There are 11 pot shops around Kensington Market. Another 13 pot shops line Yonge St., between Bloor and Adelaide Sts. On Queen St. E., between Broadview and Logan Aves. — one major city block — there are eight pot shops.
And Queen St. W., with 21 pot shops between Niagara St. and University Ave., may be the winner.
Not all of these stores are open yet, but they are all in the pipeline and will become a reality.
So how many is too many?
And is this overkill, or can the cannabis market support them all?
According to the Alcohol and Gaming Commission (AGCO) website, the goal is to have 1,000 stores approved in Ontario by the fall.
Statistics Canada says Canada’s cannabis sales increased by nearly 30% between May and last September; by the end of 2020, legal sales finally caught up with black market transactions.
And shops keep opening. Residents of Toronto’s Junction neighbourhood were aghast to see a Starbucks location being replaced by a pot shop last month — and it won’t be the last such swap.
There are plenty of reasons to either cheer or protest the way pot shops are springing up like mushrooms in our fair city, but does it even make business sense?
“I think some people will be surprised to hear that in mature cannabis markets like Denver and Portland, cannabis retailers have outnumbered Starbucks by close to 2-1 for years,” says Matt Lamers, international editor at Marijuana Business Daily, the leading business publication for the cannabis industry.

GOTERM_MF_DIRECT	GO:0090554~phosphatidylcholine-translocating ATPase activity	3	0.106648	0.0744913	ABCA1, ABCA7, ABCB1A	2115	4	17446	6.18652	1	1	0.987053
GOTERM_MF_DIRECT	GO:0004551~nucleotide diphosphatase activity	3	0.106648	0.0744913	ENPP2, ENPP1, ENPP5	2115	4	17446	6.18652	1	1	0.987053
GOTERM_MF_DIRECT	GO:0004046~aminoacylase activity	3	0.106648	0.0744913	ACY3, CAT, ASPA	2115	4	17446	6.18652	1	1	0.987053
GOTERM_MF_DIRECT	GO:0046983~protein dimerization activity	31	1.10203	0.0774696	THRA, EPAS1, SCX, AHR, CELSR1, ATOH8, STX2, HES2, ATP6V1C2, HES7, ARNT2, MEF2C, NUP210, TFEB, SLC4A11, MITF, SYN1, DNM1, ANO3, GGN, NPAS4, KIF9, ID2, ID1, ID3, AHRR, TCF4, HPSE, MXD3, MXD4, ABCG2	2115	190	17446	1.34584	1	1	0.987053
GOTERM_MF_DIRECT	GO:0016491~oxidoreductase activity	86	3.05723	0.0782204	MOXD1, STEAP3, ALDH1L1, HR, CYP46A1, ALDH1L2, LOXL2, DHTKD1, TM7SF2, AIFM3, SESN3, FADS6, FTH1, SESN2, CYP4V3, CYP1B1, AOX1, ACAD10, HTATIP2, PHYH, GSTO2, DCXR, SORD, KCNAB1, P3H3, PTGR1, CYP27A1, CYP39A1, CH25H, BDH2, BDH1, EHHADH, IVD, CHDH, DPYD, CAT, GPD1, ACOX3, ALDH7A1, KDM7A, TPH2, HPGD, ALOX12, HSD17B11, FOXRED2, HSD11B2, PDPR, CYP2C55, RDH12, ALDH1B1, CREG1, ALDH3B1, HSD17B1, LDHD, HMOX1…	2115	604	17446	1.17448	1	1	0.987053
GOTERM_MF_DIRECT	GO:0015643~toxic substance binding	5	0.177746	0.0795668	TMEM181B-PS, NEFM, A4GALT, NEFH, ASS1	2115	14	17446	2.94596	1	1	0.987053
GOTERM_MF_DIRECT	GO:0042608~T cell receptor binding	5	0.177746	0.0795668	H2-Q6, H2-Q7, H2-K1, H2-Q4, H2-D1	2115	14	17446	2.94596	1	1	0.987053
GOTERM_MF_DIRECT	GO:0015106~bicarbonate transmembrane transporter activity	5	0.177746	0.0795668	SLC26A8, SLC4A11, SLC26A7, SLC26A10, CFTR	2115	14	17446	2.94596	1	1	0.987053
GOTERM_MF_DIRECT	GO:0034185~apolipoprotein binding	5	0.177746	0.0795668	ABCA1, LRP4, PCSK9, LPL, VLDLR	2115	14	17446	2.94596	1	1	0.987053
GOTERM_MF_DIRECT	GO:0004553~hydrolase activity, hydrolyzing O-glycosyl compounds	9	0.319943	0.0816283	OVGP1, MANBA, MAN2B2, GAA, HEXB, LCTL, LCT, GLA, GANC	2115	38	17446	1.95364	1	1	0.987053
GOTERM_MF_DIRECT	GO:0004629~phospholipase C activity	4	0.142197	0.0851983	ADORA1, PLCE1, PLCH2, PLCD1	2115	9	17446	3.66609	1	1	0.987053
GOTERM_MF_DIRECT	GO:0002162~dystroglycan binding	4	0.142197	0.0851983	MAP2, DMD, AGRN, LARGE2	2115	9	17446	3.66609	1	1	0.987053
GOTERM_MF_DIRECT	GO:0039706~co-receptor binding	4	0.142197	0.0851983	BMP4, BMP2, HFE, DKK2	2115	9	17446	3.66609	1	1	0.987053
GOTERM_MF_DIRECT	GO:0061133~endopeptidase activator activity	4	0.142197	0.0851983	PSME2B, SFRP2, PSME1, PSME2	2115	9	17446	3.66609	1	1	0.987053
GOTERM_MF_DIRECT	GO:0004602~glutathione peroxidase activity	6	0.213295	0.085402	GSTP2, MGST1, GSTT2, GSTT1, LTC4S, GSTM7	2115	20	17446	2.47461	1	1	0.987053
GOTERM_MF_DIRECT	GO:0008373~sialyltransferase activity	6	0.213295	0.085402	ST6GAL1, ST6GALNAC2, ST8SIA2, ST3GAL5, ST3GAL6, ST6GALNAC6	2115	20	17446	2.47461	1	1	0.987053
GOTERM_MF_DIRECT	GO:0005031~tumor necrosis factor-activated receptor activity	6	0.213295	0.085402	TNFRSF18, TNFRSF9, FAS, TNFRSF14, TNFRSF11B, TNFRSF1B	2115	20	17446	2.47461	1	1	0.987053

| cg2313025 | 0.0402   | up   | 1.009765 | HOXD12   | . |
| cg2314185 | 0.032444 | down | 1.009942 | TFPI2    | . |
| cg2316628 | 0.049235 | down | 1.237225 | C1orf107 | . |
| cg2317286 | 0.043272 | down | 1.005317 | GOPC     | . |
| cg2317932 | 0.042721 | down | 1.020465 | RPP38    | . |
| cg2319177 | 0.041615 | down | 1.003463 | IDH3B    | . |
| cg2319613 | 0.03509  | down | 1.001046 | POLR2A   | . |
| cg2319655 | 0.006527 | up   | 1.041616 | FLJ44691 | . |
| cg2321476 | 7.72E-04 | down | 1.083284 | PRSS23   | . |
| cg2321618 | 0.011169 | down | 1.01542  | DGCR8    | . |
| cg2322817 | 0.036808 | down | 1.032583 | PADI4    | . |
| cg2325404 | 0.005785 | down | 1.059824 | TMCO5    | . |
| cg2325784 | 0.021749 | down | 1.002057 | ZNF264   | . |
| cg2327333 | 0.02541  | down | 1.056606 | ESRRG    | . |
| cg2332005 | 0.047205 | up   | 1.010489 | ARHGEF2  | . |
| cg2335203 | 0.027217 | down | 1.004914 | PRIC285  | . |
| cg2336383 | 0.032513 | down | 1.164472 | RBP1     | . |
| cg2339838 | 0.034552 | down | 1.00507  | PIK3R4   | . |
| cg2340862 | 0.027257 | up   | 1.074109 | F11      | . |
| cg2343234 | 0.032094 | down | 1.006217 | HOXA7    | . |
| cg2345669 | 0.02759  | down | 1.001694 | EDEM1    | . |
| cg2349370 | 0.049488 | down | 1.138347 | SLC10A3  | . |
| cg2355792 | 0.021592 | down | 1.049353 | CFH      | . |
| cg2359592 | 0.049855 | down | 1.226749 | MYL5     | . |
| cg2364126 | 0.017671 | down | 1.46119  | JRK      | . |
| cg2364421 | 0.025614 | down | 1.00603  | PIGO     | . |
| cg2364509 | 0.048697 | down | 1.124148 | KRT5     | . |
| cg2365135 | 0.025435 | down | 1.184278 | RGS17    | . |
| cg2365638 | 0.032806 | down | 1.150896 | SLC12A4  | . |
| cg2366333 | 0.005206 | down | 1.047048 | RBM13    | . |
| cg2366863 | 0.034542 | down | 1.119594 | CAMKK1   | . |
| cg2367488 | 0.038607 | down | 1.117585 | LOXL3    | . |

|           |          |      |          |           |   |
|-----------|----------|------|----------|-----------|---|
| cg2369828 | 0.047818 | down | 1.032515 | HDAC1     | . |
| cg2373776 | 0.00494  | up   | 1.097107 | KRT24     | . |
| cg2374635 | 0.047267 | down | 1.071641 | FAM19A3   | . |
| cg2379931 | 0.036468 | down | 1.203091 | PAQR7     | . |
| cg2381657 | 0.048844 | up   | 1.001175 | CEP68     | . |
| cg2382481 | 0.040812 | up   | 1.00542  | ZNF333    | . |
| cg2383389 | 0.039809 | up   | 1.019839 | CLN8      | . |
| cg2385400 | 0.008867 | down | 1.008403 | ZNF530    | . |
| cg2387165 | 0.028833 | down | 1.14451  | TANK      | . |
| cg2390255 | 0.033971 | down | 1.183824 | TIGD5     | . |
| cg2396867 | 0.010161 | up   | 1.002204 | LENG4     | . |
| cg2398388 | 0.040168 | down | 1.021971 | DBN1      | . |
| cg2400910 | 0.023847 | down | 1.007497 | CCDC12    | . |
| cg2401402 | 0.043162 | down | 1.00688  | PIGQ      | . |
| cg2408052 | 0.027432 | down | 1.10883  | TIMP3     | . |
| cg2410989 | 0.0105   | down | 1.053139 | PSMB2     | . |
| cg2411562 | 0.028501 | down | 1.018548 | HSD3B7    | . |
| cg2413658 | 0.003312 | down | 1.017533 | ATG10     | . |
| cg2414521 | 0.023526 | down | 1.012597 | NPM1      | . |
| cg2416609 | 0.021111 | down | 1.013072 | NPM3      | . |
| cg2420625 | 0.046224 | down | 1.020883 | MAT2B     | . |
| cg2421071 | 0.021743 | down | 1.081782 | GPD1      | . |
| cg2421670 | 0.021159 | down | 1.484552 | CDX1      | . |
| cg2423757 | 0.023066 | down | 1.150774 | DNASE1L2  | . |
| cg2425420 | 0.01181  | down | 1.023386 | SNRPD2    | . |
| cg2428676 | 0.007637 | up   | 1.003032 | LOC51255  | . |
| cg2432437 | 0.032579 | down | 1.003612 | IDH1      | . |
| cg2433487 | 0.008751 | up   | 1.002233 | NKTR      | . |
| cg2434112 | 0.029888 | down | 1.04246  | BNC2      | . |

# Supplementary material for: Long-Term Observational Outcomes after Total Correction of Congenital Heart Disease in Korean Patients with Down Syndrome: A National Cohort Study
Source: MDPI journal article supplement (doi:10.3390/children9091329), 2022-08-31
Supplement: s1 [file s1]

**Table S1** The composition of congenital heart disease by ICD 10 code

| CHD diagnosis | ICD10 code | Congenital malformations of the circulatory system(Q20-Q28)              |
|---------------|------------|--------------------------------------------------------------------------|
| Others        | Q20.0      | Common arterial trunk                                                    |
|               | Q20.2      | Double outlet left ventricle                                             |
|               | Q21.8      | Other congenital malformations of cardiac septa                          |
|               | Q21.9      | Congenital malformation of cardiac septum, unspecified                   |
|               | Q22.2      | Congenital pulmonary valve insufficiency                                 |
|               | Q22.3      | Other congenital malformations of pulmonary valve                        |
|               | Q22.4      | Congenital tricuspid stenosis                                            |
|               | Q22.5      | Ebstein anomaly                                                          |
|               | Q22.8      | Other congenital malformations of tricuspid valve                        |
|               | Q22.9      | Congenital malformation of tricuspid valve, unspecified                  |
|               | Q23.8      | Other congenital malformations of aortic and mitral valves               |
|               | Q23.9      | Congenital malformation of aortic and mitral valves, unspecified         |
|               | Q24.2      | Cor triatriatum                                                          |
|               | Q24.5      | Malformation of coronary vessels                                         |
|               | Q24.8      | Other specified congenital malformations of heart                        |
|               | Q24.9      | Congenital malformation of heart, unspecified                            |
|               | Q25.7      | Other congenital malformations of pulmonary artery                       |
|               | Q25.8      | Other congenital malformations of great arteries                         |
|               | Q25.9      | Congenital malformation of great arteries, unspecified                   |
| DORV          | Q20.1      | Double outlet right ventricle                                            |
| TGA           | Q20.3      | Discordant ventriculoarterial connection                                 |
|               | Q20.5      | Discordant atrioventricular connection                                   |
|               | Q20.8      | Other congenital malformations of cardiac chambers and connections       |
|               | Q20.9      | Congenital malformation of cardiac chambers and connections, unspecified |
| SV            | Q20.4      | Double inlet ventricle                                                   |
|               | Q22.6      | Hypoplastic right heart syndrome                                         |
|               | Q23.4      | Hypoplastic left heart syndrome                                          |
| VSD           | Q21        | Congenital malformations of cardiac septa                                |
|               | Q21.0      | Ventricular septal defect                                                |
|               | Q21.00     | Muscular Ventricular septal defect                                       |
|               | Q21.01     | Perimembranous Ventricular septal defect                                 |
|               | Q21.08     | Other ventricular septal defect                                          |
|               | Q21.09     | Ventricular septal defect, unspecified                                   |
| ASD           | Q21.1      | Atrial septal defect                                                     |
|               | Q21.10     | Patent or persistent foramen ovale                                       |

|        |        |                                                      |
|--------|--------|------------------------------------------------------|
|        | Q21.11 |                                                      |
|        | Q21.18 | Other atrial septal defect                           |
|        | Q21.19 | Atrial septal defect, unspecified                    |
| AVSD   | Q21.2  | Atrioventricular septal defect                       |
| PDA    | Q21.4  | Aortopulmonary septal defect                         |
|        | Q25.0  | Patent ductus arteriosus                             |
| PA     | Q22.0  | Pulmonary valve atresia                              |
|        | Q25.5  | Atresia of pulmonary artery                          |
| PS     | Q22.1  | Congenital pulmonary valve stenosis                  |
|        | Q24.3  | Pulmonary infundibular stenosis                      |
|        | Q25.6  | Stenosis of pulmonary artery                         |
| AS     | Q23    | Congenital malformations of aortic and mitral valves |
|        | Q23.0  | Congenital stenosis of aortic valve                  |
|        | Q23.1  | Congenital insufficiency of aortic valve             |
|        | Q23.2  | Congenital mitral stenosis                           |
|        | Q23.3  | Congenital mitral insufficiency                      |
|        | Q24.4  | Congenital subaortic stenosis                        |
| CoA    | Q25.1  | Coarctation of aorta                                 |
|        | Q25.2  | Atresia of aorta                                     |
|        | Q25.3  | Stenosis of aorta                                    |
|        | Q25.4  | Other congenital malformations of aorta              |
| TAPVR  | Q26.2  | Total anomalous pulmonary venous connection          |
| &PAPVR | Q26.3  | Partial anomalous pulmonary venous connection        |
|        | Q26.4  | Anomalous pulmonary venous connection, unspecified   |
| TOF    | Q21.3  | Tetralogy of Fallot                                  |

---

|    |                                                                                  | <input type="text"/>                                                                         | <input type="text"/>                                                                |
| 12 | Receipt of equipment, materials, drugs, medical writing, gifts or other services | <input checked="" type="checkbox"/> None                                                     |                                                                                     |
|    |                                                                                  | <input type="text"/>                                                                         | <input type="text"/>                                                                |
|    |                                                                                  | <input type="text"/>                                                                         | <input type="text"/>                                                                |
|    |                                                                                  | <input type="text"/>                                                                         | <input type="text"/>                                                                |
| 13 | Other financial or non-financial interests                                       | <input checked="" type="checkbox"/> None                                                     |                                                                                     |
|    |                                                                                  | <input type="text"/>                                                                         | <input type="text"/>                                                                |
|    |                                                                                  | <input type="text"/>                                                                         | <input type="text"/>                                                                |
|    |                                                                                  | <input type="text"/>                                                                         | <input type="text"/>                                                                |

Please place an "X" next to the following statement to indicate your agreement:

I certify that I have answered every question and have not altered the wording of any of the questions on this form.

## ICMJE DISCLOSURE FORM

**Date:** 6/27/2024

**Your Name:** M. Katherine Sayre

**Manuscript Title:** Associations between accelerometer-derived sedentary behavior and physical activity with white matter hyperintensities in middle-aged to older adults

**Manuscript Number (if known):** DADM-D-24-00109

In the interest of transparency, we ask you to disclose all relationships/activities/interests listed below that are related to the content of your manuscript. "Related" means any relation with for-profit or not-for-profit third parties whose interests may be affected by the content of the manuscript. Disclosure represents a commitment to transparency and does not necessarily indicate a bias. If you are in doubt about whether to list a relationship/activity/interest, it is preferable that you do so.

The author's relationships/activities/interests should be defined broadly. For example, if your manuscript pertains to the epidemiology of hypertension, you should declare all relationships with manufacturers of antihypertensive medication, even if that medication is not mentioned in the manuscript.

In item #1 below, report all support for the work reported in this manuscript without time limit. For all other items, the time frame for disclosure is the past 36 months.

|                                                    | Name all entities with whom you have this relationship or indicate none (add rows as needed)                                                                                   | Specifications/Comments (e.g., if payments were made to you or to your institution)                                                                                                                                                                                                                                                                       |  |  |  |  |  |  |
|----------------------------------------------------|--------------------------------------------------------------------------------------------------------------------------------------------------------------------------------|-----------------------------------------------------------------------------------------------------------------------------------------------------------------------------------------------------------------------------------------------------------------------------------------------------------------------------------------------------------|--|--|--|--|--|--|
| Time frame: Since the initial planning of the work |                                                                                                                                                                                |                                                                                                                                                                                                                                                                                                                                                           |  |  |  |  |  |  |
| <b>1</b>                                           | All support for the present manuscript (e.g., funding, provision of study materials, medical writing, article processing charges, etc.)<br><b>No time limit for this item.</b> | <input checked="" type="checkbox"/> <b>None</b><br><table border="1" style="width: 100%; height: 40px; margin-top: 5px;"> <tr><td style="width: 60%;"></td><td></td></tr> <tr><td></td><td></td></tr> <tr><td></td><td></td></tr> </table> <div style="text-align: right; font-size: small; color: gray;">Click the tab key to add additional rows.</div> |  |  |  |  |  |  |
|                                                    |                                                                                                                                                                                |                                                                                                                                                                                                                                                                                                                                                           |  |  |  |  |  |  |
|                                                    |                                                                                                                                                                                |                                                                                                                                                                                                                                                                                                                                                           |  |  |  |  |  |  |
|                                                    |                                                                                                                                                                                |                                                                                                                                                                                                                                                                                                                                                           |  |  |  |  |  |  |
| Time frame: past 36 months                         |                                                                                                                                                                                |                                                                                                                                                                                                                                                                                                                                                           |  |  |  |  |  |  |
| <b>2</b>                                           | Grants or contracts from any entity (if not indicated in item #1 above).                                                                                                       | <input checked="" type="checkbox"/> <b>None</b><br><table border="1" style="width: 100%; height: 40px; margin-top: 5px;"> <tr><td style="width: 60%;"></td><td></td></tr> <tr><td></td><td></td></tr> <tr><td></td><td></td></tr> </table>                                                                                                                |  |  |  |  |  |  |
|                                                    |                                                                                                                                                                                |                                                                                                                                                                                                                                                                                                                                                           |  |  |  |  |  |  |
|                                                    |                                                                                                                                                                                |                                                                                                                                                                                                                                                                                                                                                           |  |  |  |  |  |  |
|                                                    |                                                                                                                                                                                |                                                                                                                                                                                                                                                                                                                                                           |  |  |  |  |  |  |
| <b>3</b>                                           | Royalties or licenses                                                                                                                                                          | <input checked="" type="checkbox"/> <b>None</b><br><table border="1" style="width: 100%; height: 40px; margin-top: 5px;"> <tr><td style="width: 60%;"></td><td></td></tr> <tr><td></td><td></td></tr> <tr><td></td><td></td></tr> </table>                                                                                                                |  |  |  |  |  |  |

“There are way more cannabis stores in those cities than there are McDonald’s restaurants. Legal cannabis is big business, and most markets can expect a population-to-store ratio of around 10,000 to one.
“The major caveat here is that the stricter the regulations, the fewer transactions will be steered to the legal market.”
Lamers knows there are some people questioning the number of pot shops in Toronto, but he says it’s all part and parcel of industry growing pains.
Some resistance likely comes from people who didn’t want to see cannabis legalized in the first place.
But, says Lamers, these transactions have always taken place, “and it’s safer to monitor the sale of this drug under the watchful eye of regulators than it would be to force all transactions to happen in the illicit market, like they had been for decades.”
If pot shops had opened according to the former Liberal government’s proposal, they’d be carefully spaced out the way LCBO stores are, Lamers said. There would be nobody complaining about pot shop clustering in certain neighbourhoods.
But there might a lot of complaints about supply and demand.
“The previous provincial government promised Ontario would have around 150 government-run stores by the end of 2020, which wasn’t even close to enough to meet the goal of steering cannabis transactions from the underground to the regulated market.”
Instead, under the private model, we got 300 stores in the private sector in 2020 and about 800 now authorized to open.
“Ontario needs well over 1,000 stores to challenge the illicit market,” insists Lamers.